When Boris Johnson declared that he did not want to “criminalise” those who had already made plans to spend Christmas with their families, social distancing rules were relaxed for four days in England. But no such exception was made for Muslims when a tweet at 9.16 pm by Health and Social Care Secretary Matt Hancock declared a lockdown in northern England just hours before the beginning of Eid day last August. Thousands of people had planned, sometimes at great cost, to spend time with families and tighter restrictions could have been announced days in advance so that everyone could rearrange.

Just two days after the release of the report, the Prime Minister hosted Hungary’s Prime Minister Viktor Orbán – a man who owes much of his political success to cultivating an image of a defender of Christianity against ‘Muslim hoards’. He is by no means alone in gaining electoral success on the back of on anti-Muslim message. All over Europe, opposition to Muslims is a uniting force among the various populist and far-right leaders and parties. Islamophobia has had a distinct power in mainstreaming those once considered to be on the fringe or crackpots. This also appears to be the case in Britain as the Conservative Party has become a one-stop-shop for anti-Muslim racists.

In 2011, the then Prime Minister David Cameron chose a security conference in Munich to declare the failure of state multiculturalism before singling out “Muslim groups” as the exemplars of what had gone wrong and whose behaviour, in particular, had to be tackled through “muscular liberalism”. There was sufficient geographical distance between Cameron in Munich and the English Defence League (EDL), which was protesting in Luton on the same day – but the symbolism of a Prime Minister making statements which would be used by racist street thugs was not lost. Not on those who queried the timing of the speech; nor on the EDL, which celebrated the mainstreaming of their tropes; or on the Conservatives, who knew that there was sufficient electoral currency in demonising one section of the populace.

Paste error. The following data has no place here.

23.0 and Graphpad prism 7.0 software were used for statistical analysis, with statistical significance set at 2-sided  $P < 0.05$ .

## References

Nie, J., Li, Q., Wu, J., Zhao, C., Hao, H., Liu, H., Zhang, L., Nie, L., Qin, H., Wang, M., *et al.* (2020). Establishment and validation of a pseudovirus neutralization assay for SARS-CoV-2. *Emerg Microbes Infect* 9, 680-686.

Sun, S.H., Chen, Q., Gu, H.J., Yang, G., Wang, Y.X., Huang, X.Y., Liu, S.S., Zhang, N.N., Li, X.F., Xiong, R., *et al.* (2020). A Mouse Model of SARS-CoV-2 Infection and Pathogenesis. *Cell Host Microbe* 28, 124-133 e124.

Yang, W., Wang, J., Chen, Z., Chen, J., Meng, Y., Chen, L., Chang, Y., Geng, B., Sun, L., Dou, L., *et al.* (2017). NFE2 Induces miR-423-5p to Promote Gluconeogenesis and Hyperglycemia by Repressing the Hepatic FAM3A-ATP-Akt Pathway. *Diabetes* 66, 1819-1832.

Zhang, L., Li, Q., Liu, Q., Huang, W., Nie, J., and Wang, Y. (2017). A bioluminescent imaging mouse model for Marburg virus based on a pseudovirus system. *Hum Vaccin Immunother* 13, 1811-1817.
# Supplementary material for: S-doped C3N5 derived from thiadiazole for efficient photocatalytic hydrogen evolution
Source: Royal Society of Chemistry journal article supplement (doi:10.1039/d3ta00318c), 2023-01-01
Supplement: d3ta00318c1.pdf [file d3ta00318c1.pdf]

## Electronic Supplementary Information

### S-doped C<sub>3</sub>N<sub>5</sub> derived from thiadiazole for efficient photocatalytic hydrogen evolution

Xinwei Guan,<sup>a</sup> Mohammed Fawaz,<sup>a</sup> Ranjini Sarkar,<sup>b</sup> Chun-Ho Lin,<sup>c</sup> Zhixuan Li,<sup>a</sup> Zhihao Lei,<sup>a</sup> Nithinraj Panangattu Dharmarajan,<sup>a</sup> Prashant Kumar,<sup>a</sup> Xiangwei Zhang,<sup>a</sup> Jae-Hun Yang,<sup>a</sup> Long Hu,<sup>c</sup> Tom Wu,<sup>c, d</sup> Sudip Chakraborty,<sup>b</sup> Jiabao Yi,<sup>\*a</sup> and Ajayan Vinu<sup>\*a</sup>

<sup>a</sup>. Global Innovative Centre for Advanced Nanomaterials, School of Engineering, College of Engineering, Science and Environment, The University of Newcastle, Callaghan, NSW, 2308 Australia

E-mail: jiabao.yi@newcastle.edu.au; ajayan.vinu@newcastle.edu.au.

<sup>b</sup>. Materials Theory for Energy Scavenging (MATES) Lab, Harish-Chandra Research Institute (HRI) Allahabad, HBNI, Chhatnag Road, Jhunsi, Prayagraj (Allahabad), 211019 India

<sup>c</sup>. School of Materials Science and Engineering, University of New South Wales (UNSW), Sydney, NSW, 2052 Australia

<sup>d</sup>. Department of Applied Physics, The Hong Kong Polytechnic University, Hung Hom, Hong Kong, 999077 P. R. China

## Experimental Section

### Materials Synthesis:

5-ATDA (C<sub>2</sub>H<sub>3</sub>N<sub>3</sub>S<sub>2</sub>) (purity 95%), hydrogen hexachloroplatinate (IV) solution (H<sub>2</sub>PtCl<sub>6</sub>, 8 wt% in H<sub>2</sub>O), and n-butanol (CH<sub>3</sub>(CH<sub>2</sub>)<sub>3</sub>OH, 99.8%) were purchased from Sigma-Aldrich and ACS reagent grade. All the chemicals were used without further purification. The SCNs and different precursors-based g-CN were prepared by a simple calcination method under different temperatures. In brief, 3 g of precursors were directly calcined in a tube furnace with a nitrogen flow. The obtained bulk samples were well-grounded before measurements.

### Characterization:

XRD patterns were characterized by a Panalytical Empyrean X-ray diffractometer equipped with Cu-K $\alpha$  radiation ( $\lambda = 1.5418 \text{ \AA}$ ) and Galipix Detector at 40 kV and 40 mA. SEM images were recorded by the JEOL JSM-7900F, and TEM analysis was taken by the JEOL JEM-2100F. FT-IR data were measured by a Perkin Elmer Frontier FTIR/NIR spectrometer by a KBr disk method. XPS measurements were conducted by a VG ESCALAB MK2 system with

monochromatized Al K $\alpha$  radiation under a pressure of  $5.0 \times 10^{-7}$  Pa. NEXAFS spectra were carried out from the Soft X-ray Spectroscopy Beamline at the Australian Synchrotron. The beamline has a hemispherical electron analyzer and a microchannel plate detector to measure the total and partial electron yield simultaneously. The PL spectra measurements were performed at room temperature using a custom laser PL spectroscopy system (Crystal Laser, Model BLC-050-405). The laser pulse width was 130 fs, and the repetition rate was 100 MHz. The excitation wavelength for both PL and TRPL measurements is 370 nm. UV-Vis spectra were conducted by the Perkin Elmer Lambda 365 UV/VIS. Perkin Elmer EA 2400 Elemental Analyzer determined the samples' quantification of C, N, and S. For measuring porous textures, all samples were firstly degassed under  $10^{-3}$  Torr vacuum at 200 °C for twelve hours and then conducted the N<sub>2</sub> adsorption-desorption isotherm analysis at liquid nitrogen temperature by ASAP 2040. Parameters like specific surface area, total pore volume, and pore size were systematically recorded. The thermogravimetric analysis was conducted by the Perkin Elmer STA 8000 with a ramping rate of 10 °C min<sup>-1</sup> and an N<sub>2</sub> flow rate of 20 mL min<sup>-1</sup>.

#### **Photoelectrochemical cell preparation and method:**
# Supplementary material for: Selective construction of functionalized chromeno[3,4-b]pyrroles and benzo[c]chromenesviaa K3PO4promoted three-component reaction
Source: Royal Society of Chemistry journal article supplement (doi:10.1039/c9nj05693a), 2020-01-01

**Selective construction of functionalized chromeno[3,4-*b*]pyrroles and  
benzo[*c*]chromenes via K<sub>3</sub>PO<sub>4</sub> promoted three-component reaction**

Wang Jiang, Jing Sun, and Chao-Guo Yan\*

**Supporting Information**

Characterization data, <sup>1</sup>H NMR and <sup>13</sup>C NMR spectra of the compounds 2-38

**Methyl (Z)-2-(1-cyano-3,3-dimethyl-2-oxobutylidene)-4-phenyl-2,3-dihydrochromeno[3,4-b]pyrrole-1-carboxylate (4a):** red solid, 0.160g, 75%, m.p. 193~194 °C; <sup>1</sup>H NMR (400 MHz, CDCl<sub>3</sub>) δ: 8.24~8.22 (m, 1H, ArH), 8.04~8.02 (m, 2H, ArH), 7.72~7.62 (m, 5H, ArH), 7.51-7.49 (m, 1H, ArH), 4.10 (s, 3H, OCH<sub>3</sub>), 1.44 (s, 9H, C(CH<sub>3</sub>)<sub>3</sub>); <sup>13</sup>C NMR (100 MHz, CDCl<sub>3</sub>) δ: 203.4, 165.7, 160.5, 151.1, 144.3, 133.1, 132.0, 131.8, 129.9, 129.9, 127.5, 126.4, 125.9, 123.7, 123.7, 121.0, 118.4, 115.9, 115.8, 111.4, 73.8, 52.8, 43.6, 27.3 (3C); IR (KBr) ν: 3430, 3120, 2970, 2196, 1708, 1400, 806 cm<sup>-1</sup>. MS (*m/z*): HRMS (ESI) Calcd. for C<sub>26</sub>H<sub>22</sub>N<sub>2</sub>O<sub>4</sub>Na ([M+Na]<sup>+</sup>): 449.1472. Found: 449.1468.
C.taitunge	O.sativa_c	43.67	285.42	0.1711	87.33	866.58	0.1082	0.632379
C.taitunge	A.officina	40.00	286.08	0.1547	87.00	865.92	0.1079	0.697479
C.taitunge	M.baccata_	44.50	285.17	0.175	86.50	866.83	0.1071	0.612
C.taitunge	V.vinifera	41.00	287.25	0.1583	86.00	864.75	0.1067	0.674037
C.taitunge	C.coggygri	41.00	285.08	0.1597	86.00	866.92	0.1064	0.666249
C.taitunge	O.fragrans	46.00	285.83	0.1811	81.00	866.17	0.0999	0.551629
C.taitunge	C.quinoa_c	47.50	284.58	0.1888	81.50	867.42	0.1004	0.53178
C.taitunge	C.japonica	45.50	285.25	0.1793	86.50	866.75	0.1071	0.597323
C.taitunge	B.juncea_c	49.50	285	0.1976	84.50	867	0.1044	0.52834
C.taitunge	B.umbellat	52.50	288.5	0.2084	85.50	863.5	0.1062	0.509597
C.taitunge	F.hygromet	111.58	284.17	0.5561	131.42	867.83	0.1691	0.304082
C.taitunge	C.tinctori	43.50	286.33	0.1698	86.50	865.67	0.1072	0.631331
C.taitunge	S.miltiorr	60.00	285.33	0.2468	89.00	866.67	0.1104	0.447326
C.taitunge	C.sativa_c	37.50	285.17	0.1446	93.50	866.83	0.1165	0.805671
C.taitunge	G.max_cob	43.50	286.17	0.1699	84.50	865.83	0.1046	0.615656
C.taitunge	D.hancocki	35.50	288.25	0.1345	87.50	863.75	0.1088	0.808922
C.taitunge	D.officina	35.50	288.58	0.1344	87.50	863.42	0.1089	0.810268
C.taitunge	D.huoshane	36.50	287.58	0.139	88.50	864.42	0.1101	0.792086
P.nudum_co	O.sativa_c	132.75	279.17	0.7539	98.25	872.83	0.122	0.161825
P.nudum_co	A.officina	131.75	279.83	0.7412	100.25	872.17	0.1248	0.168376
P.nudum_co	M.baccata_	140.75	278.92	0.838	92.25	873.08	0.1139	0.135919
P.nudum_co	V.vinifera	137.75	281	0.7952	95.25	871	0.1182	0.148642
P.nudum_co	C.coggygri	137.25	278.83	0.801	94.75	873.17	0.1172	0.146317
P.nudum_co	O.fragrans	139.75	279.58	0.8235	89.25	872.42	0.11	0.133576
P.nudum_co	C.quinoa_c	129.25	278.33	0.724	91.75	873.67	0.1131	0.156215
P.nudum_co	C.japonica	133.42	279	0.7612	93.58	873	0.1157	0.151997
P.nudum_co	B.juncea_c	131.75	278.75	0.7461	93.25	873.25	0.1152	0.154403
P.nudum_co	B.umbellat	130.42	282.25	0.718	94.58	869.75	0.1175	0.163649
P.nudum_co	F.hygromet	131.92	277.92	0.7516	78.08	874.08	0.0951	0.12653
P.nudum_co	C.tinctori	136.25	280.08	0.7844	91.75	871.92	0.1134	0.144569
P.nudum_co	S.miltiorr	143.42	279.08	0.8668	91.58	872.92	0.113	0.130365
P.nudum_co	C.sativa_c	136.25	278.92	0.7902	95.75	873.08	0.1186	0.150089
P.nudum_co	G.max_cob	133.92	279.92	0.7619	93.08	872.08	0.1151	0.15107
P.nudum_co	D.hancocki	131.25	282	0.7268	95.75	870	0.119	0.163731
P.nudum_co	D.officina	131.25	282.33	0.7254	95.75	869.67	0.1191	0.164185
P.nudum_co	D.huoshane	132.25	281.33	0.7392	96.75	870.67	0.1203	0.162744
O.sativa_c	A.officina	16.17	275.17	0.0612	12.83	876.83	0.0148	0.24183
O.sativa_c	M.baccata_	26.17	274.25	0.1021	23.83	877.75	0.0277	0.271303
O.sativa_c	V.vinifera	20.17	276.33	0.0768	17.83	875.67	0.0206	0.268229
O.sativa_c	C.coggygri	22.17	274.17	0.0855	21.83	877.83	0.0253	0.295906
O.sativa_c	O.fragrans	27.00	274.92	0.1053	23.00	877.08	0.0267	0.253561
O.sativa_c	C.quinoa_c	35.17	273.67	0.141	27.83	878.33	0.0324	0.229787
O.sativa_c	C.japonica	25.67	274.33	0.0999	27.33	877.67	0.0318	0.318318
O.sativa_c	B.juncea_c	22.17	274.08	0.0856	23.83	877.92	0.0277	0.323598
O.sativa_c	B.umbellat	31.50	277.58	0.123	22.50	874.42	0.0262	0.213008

Writing in response to the Singh report, former Conservative MP Paul Goodman declared that the way forward for the party was to have hostility to Islamism but a friendliness towards Islam. But the false paradigm of ‘Islamism versus Islam’ is now being used successfully by European governments to crackdown on mainstream Muslim practices and target Muslim institutions. As pressure from nationalists parties grows, they are increasingly resorting to Islamophobia to shore up their voter bases. In France, Emmanuel Macron has demonstrated in his ‘war on Islamism’ by banning a Muslim candidate of his own party because she wore a hijab in a campaign poster. 

As the right increases its demonisation of Muslims under the guise of free speech and anti-terror measures, Britain’s Conservative Party has plenty of room to follow, knowing full well that it will have no real consequences at the ballot box.